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Health Promot Pract. 2006 Jul;7(3 Suppl):201S-12S. Epub 2006 Jun 7.

Knowledge about breast cancer and participation in a faith-based breast cancer program and other predictors of mammography screening among African American women and Latinas.

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  • 1School of Public Health, University of Illinois at Chicago, Illinois, USA.


This article assessed the impact of knowledge of breast cancer and type and intensity of participation in a church-based breast cancer education program and other factors on mammography screening among African Americans and Latinas. Logistic regression was used to assess the impact of these factors on self-reported mammography utilization. Passive participation in church-sponsored activities, measured by breast cancer information that was heard, seen, or read, was found to be significantly associated with the likelihood of mammography use among African Americans. Moreover, African Americans who reported hearing, seeing, or reading about mammograms at their churches four or more times were 15 times more likely to report mammography use within the past year than were those who encountered information only once. Messages from pastors and church bulletin announcements were the most significant predictors. An increase in knowledge was not associated with higher mammography use. For Latinas, none of the hypothesized knowledge or participation variables was found to be significant. The results suggest that faith-based breast cancer programs can be effective by adopting tailored strategies to raise awareness about the importance of early detection.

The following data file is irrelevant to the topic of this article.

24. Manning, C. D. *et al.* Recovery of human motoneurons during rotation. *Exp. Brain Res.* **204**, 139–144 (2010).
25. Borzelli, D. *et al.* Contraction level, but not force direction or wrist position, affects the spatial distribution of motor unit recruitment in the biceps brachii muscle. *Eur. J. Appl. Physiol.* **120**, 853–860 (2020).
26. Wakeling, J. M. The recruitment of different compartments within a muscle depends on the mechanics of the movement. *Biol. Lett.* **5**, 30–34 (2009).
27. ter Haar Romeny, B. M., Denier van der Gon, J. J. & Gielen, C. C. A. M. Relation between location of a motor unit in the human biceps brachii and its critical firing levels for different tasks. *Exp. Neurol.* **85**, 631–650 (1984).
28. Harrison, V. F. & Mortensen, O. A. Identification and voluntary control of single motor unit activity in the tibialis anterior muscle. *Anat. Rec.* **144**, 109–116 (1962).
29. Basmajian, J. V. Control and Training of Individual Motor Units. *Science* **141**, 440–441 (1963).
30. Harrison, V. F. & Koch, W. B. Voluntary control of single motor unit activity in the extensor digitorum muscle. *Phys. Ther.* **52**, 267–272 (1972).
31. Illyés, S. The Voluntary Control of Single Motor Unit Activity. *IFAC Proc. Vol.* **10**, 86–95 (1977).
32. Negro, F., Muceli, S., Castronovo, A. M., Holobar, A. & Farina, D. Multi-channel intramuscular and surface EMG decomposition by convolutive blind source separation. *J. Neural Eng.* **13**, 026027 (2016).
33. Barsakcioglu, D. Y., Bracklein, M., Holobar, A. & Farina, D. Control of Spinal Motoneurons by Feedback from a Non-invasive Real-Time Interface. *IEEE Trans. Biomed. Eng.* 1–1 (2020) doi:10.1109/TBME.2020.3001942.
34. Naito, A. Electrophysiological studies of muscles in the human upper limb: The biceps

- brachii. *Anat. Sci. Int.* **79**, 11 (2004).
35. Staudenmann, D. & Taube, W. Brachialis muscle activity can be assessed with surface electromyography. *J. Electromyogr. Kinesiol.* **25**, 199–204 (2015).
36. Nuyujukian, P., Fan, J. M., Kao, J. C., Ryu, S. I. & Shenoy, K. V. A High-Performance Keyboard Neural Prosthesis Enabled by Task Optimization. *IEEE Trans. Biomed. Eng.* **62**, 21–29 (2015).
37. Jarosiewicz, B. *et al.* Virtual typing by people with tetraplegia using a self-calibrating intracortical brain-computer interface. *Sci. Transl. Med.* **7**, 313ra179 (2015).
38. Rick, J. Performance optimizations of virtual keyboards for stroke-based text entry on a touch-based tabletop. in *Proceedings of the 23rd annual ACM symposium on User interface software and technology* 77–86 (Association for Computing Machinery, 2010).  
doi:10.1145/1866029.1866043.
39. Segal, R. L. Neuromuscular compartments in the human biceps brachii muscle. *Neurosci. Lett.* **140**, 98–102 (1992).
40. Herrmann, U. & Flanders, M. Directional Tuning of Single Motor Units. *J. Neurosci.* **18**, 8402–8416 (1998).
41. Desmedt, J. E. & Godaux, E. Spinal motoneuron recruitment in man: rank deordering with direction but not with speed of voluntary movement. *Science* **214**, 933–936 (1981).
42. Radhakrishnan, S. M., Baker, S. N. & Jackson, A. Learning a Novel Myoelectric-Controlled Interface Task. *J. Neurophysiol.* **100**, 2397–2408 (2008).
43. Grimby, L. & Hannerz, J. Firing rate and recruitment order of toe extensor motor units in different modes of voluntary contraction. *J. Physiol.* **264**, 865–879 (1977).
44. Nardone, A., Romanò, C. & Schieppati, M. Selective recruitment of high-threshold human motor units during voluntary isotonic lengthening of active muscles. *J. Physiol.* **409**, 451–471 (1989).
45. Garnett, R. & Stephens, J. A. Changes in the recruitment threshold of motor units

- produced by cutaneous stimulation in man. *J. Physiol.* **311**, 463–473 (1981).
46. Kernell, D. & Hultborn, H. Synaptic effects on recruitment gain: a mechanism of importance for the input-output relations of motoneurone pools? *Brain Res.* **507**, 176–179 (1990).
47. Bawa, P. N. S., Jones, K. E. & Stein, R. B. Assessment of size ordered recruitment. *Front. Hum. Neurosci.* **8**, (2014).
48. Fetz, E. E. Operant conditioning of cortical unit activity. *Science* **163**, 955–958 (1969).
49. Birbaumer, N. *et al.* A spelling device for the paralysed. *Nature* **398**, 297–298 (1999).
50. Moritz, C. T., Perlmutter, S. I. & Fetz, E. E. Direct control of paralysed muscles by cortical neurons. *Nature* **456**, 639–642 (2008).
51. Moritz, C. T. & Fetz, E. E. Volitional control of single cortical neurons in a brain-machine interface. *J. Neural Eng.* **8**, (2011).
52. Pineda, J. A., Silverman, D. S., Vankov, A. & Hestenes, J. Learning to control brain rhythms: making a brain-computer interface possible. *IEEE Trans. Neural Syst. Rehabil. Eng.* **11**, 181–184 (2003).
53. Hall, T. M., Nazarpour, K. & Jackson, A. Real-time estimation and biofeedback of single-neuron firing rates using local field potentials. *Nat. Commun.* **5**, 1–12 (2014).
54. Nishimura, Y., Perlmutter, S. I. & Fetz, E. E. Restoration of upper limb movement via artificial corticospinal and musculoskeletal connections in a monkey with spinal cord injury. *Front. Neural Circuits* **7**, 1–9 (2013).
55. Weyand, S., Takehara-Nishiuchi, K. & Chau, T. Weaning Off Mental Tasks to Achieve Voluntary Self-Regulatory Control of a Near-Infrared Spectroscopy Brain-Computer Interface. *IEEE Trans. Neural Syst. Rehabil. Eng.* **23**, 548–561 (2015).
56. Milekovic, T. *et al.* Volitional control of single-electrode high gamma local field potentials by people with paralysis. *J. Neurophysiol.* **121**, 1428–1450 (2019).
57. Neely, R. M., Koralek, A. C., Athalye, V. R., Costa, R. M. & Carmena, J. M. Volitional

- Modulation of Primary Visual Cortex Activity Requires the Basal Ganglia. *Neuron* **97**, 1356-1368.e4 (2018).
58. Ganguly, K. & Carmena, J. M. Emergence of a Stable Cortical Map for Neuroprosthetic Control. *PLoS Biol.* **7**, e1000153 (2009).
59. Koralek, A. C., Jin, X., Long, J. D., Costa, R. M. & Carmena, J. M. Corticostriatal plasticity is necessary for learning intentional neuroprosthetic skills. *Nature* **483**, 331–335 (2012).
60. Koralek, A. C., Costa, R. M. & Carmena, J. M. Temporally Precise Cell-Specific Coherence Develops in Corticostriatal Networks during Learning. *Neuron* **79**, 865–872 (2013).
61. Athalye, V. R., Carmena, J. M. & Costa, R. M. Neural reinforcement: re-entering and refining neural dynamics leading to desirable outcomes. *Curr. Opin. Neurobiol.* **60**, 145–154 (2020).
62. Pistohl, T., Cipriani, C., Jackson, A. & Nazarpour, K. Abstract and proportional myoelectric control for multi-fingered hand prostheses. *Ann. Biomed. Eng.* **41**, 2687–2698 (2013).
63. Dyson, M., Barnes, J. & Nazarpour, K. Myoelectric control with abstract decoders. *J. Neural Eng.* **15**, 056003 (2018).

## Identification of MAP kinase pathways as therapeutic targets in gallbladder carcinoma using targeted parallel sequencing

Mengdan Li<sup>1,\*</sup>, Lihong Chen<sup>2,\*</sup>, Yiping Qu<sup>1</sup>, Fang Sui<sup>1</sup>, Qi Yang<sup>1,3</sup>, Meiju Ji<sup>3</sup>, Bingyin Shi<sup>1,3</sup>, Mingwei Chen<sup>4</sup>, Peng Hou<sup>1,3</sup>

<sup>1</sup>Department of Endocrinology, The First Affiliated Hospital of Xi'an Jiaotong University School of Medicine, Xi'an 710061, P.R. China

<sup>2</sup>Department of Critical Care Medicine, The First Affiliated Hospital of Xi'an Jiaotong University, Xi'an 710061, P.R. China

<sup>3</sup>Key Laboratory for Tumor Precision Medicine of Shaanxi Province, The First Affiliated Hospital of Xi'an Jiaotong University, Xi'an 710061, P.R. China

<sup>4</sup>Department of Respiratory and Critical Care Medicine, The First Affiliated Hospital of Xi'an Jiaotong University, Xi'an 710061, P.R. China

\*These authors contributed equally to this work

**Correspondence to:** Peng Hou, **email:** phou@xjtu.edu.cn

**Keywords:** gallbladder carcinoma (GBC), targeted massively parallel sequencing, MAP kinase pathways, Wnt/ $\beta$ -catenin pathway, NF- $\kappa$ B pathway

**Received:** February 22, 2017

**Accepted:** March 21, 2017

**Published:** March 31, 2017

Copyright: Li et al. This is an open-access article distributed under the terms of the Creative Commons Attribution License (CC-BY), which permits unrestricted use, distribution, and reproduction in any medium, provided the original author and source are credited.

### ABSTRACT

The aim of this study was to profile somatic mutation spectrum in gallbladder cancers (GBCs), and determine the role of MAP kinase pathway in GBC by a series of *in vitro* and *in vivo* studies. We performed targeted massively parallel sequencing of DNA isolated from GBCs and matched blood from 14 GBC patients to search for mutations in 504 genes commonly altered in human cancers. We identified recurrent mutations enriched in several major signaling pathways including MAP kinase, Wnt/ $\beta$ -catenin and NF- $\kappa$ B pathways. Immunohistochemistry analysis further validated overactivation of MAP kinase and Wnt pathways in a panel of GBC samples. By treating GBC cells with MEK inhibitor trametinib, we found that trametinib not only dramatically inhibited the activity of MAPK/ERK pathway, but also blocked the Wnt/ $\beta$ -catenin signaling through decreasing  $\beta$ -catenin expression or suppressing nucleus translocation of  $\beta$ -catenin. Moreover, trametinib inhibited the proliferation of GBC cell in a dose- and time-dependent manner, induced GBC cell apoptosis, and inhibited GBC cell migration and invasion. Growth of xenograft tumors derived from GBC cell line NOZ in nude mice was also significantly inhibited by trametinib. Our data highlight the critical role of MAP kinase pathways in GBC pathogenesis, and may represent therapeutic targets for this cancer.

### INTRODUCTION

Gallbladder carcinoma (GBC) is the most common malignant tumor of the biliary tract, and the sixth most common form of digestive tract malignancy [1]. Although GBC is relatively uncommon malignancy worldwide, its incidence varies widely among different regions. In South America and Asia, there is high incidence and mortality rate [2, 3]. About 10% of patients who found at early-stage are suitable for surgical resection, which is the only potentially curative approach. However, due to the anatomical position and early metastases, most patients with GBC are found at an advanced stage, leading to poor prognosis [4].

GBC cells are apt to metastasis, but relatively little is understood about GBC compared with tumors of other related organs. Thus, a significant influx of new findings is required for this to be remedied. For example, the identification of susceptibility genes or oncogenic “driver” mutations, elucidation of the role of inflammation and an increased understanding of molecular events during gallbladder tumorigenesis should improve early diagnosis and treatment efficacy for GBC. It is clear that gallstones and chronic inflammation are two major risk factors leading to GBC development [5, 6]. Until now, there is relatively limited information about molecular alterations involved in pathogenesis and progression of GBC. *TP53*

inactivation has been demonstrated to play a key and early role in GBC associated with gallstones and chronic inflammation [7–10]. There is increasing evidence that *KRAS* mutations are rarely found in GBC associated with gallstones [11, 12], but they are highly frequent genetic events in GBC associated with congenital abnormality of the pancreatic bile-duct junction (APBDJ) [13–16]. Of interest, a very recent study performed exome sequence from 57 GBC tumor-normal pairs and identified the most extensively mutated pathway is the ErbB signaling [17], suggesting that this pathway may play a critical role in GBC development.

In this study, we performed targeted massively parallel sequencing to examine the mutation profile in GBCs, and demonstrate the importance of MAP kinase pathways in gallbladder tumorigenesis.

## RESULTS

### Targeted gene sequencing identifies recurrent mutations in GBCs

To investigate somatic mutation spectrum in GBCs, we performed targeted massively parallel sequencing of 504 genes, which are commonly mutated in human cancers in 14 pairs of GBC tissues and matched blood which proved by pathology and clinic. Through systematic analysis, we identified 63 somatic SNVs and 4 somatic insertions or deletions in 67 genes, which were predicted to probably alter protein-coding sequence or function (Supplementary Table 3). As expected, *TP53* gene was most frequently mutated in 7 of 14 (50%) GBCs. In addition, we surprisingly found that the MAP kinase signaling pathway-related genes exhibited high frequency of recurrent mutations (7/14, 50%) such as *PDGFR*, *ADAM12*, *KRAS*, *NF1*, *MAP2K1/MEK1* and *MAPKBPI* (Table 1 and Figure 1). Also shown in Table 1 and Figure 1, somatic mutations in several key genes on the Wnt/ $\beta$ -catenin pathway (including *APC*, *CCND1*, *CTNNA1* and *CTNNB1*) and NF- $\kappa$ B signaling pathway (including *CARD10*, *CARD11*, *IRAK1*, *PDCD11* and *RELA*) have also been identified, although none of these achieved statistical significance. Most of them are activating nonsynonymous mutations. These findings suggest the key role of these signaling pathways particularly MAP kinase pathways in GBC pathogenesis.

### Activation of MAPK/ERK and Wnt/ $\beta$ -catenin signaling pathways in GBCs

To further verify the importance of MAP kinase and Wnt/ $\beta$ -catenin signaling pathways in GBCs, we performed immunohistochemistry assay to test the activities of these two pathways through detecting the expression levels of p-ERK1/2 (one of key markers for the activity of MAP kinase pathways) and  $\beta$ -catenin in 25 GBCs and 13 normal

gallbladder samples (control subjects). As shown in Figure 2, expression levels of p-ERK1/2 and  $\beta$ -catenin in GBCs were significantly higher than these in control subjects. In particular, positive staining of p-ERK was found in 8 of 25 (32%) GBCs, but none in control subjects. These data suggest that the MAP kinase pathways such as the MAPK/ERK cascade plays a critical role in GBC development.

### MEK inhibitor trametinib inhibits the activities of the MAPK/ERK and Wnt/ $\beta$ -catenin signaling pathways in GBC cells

[PubMed - indexed for MEDLINE]
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